The last time all of the country's national parks superintendents gathered for a meeting in one place was in 1988 at the Jackson Lake Lodge in Grand Teton National Park.

When the meetings were over, Joan Anzelmo headed back to her job at Yellowstone National Park and to what would become the historic "year of fire" there. About $120 million was spent on fires fought by 25,000 men and women who battled blazes that charred over one-third of the park's 2.2 million acres.

"Obviously that fire season changed all of our lives," Anzelmo said over the phone.

Now superintendent of the 25,000-acre Colorado National Monument, Anzelmo is organizing a rare summit of superintendents that will take place on Wednesday and Thursday at Snowbird Ski & Summer Resort. Those superintendents manage 391 sites in the national park system.

Wildfires, particularly in the arid West, will be one of many topics covered during the two days of meetings, which will also include an appearance by Interior Secretary Dirk Kempthorne. Anzelmo said a summit committee chose Utah for its central location and Snowbird for its discounted rates.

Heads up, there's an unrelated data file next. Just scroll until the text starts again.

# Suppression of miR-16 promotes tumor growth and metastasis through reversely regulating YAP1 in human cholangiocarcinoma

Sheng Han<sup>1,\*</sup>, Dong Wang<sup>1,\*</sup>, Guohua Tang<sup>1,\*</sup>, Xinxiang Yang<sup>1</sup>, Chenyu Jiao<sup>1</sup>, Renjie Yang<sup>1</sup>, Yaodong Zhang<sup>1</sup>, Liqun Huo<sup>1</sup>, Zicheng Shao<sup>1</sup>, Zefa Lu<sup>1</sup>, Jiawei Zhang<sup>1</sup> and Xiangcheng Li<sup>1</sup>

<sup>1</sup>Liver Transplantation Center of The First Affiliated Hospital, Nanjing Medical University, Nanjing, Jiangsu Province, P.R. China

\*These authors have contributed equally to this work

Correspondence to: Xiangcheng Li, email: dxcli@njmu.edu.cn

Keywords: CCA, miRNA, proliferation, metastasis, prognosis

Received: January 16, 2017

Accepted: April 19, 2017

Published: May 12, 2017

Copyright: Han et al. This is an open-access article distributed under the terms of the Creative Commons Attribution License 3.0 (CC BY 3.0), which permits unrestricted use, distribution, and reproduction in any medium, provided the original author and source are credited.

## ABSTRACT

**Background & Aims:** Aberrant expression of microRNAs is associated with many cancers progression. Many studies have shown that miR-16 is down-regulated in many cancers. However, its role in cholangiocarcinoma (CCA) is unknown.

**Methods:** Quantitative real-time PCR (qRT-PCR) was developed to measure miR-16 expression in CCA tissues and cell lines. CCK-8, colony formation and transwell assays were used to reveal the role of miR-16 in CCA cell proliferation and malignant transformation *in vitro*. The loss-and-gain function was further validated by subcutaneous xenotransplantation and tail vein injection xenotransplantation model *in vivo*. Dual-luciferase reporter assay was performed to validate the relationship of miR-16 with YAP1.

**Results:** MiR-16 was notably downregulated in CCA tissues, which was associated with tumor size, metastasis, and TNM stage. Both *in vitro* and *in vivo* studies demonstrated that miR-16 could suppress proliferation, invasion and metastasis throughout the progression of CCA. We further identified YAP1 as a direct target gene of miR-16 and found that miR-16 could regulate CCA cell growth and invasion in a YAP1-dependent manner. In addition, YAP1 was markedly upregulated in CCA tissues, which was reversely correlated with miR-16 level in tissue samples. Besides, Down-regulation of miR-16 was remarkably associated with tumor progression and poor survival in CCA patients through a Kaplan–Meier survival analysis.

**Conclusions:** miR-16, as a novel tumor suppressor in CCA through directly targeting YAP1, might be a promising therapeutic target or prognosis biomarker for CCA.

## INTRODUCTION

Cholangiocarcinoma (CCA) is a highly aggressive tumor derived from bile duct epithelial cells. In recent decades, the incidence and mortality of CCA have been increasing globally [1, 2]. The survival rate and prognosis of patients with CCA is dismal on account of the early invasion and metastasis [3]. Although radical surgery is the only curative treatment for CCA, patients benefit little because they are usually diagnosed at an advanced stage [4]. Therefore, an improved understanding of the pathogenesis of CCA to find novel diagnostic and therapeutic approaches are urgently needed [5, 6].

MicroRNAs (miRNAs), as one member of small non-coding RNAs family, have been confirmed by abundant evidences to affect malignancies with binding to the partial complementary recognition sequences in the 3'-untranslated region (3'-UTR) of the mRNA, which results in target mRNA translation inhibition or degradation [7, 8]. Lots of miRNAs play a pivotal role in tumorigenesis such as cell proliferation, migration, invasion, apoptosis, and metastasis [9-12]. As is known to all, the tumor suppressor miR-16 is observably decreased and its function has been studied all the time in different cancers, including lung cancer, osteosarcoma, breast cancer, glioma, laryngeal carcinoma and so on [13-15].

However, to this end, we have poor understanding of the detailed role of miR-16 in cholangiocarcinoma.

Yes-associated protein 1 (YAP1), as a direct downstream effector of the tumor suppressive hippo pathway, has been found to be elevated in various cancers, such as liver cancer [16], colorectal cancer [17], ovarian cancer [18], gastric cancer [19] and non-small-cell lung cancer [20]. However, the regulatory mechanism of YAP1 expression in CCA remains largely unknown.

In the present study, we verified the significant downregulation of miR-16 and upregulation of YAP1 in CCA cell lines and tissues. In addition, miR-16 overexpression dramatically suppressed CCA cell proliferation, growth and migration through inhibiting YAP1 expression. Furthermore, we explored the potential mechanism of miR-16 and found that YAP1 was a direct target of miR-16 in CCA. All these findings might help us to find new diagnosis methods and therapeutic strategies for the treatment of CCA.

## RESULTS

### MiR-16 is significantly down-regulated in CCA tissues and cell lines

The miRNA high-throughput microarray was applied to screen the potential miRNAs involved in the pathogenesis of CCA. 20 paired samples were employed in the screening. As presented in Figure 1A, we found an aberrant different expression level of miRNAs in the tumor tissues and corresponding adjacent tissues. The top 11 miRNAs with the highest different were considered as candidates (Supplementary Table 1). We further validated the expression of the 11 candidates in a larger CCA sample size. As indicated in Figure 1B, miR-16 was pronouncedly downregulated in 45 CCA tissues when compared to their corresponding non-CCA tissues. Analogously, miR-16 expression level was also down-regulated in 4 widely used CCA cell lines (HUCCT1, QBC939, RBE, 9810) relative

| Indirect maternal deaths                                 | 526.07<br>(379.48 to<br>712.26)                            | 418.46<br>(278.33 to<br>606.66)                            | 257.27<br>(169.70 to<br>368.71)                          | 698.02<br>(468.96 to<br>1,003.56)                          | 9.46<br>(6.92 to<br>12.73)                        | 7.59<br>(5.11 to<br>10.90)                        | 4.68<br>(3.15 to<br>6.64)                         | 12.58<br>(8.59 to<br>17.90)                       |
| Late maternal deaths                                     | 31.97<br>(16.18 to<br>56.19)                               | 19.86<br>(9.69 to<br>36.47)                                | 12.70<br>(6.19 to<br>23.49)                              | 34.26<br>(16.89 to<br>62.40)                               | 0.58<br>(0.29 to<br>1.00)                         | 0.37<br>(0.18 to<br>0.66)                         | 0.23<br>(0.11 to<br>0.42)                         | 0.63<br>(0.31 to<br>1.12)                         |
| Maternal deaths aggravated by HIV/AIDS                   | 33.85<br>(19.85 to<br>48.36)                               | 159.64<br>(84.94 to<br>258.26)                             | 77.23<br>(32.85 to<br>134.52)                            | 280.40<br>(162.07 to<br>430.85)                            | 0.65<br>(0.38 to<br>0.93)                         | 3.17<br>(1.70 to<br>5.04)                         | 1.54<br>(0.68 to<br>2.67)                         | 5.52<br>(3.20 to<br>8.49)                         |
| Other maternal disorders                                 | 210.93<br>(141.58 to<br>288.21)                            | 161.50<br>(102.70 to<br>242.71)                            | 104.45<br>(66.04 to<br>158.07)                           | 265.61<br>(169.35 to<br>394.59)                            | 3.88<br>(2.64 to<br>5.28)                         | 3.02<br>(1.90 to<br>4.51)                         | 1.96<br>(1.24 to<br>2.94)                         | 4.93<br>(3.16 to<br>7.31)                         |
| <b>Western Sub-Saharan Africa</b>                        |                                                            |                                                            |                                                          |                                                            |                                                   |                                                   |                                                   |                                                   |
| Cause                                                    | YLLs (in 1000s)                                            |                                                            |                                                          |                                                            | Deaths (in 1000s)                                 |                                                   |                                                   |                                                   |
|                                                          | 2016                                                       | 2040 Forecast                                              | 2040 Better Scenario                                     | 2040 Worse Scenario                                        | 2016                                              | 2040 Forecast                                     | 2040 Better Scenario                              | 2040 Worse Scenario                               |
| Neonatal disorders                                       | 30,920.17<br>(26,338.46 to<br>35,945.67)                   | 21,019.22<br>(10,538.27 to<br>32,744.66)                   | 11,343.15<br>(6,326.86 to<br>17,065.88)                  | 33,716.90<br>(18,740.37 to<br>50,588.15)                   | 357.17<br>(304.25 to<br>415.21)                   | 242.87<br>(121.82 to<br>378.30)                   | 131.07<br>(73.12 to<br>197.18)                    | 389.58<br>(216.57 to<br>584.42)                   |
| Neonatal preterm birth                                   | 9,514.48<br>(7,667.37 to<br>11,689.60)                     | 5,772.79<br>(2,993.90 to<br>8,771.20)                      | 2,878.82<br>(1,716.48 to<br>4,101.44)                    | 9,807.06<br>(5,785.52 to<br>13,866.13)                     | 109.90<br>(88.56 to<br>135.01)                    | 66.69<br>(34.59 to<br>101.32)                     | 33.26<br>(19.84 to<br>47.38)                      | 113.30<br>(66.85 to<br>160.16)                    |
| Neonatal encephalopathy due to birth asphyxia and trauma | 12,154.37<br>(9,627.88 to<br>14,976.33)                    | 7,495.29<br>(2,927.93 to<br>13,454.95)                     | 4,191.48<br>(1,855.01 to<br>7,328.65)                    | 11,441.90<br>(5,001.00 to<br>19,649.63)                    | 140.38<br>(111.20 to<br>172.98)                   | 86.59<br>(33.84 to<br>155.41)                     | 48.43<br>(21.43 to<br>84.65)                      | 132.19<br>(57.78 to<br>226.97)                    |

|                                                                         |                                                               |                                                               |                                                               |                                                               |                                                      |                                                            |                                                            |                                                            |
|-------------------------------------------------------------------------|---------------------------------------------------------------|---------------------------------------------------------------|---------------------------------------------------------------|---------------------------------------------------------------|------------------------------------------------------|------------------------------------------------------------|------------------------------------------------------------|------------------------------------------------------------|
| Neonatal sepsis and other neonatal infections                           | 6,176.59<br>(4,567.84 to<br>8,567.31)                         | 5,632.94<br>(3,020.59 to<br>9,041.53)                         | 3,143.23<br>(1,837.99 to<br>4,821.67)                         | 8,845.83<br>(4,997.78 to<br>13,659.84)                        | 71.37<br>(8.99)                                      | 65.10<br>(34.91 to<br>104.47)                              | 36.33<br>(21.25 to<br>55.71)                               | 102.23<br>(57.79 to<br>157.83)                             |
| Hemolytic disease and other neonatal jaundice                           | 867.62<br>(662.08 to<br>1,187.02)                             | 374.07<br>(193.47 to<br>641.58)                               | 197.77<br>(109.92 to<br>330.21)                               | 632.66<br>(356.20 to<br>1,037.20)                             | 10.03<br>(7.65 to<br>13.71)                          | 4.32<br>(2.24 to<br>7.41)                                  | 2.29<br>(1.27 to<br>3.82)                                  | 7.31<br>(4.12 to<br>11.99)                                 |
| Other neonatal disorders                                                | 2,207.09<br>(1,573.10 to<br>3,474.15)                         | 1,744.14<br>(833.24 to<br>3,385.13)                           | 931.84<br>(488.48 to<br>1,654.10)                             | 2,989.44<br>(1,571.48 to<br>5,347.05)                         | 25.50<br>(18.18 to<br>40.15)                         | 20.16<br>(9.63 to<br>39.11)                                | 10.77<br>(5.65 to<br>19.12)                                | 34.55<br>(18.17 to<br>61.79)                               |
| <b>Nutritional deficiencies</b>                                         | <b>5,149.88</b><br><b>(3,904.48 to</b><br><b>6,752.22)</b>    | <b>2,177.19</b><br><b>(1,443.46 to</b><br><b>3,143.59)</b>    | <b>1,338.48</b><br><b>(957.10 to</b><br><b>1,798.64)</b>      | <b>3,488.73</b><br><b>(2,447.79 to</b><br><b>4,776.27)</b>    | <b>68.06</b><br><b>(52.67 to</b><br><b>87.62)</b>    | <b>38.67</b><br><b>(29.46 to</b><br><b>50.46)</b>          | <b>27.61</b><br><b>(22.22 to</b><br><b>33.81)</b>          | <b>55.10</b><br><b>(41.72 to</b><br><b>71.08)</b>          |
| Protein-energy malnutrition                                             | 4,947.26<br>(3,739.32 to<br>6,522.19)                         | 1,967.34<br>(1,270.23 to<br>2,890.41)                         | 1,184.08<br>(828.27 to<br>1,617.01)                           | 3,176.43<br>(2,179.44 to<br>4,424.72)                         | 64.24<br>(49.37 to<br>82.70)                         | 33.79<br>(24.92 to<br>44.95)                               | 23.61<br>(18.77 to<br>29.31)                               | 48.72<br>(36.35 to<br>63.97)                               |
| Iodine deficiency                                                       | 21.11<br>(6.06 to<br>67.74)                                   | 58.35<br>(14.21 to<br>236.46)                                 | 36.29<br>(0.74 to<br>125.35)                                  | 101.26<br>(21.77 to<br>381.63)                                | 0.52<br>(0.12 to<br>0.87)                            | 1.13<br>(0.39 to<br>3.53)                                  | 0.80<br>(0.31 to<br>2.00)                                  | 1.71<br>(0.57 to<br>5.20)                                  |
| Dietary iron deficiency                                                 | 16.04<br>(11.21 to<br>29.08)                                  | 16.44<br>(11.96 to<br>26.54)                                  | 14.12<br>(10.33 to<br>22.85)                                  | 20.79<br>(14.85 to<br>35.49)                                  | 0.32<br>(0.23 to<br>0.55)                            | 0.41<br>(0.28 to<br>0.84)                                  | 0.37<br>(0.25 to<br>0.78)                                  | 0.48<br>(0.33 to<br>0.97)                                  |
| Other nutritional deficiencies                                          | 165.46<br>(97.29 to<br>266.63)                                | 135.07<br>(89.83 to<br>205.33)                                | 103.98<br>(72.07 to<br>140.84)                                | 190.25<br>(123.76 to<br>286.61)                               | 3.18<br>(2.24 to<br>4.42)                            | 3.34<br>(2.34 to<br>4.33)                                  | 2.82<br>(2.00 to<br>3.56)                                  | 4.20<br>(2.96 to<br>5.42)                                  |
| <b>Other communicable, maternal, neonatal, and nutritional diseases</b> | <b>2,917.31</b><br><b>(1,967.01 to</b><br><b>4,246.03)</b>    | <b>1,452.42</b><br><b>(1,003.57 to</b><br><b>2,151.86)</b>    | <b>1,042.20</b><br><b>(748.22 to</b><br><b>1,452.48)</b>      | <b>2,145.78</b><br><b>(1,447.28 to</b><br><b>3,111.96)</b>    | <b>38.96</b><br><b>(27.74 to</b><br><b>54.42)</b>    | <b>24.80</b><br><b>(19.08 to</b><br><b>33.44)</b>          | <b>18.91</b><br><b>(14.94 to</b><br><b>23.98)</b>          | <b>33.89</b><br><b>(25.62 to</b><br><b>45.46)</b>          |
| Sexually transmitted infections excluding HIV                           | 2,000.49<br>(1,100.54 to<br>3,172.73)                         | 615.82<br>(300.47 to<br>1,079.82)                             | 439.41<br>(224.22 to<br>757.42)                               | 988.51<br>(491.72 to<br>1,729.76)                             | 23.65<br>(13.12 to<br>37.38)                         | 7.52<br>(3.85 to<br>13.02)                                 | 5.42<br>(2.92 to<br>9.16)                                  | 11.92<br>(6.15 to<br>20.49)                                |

One goal for the summit will be to discuss how to connect or reconnect Americans with their national parks. Younger generations are increasingly learning about parks they may never visit by logging on to the Internet. So, one emphasis will be to see who is doing what with their Web sites in terms of educating youth and staying "relevant" to that demographic.

Anzelmo said superintendents will talk about how to improve parks and how to develop park leaders for a new century. The year 2016 marks the 100-year anniversary of the national park system.

"The good news is that Congress has been pretty darn generous to national parks," she said.

Anzelmo referred specifically to a matching grant initiative that has brought public and private money together to fund new programs for tourists at her park and, in Utah, at Cedar Breaks National Monument and Zion National Park. Base funding, she added, to hire seasonal employees just to handle maintenance work on trails and facilities has also increased.

National Park Service Director Mary Bomar said the summit will focus on increasing capacity at parks by "engaging volunteers and other partners" to supplement a $2.3 billion organization that systemwide, has 275 million annual visitors. Charles Jordan, The Conservation Fund chairman, has been invited to speak on that topic.

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